Governments have made room for and forged strong partnerships with NGOs, which have contributed to the impressive development gains. On the other side are the governance failures. The increasingly unhealthy competition and lack of trust between the two major political parties sours the political climate and is a major governance weakness. The high cost of elections feeds public corruption. An overly centralized state reduces public accountability in the delivery of services. An inadequate revenue effort and weak public financial management undermine the effectiveness of pro-poor spending policies and foster corruption. A weak civil service and justice sector compromise the delivery of essential services, including law and order.
- Some 63 million people live in deprivation, two-thirds of them in extreme poverty. Inequality may be rising.
- Adult illiteracy remains persistent and is falling only slowly. With malnutrition and maternal mortality levels in South Asia still amongst the highest in the world,
- Bangladesh’s relatively good performance compared with India and Pakistan is little comfort.
- Attaining the MDGs calls for accelerating economic growth to 6-7% a year. This will not be easy. While garment exports have continued to perform well, risks to the sector remain.
- Garment exports, three-quarters of all exports, are vulnerable to competition from low-cost producers now that the (MFA) has come to an end.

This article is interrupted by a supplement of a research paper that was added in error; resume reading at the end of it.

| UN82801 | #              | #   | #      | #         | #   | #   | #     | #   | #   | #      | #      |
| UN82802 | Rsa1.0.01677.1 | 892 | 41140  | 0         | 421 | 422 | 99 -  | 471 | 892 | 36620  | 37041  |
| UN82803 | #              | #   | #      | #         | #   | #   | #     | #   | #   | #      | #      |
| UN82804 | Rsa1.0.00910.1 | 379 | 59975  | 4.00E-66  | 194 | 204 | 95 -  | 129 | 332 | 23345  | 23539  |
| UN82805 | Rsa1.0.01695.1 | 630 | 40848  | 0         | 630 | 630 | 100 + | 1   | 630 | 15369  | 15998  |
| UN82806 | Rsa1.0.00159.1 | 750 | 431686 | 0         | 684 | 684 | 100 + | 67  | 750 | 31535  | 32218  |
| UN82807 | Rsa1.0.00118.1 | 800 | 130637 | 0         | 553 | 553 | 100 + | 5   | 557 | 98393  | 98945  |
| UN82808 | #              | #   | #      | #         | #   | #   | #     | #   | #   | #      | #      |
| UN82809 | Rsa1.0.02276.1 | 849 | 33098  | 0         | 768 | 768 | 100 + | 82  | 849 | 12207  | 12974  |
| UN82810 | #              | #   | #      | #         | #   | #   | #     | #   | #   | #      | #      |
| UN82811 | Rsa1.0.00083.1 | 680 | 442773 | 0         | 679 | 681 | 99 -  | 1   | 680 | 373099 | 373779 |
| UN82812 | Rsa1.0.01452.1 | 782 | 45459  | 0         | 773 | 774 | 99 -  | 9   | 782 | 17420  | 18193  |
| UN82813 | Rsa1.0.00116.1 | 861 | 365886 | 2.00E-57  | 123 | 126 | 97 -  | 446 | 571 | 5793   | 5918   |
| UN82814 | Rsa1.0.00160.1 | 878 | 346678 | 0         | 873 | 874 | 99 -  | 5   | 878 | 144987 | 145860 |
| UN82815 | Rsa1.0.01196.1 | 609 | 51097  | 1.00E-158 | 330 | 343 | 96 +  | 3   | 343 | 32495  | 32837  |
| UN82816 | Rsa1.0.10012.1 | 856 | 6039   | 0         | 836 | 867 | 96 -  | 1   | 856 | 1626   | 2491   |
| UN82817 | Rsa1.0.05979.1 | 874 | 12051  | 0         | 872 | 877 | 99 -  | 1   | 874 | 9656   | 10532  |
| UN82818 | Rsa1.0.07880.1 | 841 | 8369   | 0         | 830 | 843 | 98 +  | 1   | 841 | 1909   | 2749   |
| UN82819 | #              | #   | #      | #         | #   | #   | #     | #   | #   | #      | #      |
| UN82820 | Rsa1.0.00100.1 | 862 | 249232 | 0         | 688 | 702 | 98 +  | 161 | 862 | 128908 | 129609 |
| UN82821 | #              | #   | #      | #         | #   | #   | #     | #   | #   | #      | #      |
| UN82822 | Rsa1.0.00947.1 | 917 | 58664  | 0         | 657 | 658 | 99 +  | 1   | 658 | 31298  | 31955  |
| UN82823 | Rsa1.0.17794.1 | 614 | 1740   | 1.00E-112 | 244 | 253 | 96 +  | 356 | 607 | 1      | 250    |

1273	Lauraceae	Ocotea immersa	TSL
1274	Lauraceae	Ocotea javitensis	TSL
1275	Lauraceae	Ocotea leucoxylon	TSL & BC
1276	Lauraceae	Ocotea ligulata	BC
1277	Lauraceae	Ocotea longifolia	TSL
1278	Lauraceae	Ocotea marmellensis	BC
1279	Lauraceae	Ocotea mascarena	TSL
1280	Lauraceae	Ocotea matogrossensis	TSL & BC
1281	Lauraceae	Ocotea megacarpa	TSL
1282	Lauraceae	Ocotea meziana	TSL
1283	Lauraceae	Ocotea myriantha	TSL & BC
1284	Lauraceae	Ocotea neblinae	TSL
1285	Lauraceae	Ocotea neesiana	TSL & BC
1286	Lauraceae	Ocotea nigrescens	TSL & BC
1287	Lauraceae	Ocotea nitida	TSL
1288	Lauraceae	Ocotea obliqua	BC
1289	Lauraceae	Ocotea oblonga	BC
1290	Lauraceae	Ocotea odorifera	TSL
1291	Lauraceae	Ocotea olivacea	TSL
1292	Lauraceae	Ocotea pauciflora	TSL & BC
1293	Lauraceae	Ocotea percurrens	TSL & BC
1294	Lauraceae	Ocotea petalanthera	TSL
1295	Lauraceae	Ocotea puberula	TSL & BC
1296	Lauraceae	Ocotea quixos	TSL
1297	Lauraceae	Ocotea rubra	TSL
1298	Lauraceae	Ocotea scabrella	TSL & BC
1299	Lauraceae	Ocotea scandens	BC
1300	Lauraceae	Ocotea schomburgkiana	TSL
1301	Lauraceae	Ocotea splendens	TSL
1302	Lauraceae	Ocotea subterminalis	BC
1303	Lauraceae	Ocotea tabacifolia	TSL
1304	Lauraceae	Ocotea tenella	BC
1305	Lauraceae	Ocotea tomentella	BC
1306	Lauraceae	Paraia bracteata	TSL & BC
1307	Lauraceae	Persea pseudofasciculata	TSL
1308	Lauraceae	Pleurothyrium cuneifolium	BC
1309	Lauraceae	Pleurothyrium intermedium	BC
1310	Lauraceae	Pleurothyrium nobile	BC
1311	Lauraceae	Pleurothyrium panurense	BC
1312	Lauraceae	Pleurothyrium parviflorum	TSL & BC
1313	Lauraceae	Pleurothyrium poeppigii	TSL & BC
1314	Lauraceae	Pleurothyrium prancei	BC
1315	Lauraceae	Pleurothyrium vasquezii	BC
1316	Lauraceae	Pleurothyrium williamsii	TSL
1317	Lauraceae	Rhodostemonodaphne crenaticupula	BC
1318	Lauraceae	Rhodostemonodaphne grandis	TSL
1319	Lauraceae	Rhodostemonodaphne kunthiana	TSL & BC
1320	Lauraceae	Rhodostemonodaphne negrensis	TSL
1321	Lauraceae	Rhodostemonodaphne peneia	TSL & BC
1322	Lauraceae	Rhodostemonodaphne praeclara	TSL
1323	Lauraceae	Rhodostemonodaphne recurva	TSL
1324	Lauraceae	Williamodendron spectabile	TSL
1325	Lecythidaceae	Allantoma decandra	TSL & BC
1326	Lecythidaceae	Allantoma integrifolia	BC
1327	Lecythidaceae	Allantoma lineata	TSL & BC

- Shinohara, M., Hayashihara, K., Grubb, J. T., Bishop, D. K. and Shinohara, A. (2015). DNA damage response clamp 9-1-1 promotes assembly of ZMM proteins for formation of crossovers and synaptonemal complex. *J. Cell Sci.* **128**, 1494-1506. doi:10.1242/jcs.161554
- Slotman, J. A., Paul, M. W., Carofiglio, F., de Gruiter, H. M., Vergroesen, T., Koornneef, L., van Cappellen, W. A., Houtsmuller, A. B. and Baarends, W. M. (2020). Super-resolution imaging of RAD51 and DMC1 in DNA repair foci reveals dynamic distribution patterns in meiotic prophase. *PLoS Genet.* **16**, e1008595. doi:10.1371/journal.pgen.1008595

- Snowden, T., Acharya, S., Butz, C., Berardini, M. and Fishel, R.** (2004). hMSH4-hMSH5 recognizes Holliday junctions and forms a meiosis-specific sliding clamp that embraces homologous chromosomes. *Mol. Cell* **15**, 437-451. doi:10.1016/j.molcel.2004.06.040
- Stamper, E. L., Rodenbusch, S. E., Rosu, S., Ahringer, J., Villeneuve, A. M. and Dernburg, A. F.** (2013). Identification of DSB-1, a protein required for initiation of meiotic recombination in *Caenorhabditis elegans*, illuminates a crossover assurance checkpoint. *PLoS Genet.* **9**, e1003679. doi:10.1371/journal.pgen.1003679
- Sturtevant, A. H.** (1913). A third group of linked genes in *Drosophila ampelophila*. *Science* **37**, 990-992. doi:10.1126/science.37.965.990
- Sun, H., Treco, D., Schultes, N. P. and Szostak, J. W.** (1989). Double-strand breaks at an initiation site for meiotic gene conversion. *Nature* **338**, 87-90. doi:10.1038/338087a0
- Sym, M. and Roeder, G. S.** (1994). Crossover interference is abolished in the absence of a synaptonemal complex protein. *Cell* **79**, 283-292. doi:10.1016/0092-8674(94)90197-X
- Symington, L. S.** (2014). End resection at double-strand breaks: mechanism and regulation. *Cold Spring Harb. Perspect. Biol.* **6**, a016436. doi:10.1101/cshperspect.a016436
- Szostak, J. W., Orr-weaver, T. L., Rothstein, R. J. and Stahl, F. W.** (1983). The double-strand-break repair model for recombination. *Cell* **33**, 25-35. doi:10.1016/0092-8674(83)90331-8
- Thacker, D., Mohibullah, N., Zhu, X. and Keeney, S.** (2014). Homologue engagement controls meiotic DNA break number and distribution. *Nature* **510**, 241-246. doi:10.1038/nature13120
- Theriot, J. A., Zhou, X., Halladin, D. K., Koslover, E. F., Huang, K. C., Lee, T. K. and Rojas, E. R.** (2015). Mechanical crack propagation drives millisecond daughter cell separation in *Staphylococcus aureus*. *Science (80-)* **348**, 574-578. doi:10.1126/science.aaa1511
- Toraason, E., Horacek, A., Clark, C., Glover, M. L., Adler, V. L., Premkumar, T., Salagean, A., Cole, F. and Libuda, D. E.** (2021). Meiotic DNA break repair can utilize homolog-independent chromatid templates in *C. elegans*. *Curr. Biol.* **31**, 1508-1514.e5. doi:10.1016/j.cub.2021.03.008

- The availability of cultivable land is declining.
- Accelerating growth will require higher investment levels—to diversify into areas of comparative advantage and to finance infrastructure—and higher productivity. This in turn calls for a substantial improvement in the investment climate, harmed by perceived high levels of corruption and lack of transparency.
Attaining the human development goals will require accountable and responsive social service delivery systems that reach the poor. Raising productivity and reaching the more difficult goals for maternal mortality and malnutrition will require improving the quality of education and health services. And this will require improving institutional accountability and incentive structures, still very weak as a result of a poorly functioning and overly centralized bureaucracy operating within one of the most centralized countries in the world.
These gains in quality will also depend on improvements in the quality of local governance. Improvements in the investment climate and service delivery also require stronger “core” governance. The modest revenue effort needs to be enhanced, and public financial management, including procurement, strengthened to reduce leakages. And greater public access to information will be needed if civil society and the public are to hold government accountable for service delivery. As the PRSP puts it, “a major thrust of the PRS has to be on ensuring good governance.”
The Ank’s new country strategy The World Bank’s strategy, strongly focused on governance, is aligned with the PRSP. (CAS) two pillars — improving the investment climate and empowering the poor — reflect the focus of the World Bank’s programs across sectors. These programs will address sector governance issues in both pillars, as well as ‘core’ governance, such as public procurement, public financial management and judiciary reform. This mainstreaming of governance implies that all World Bank interventions will be as much about improving governance as they will be about improving sector performance.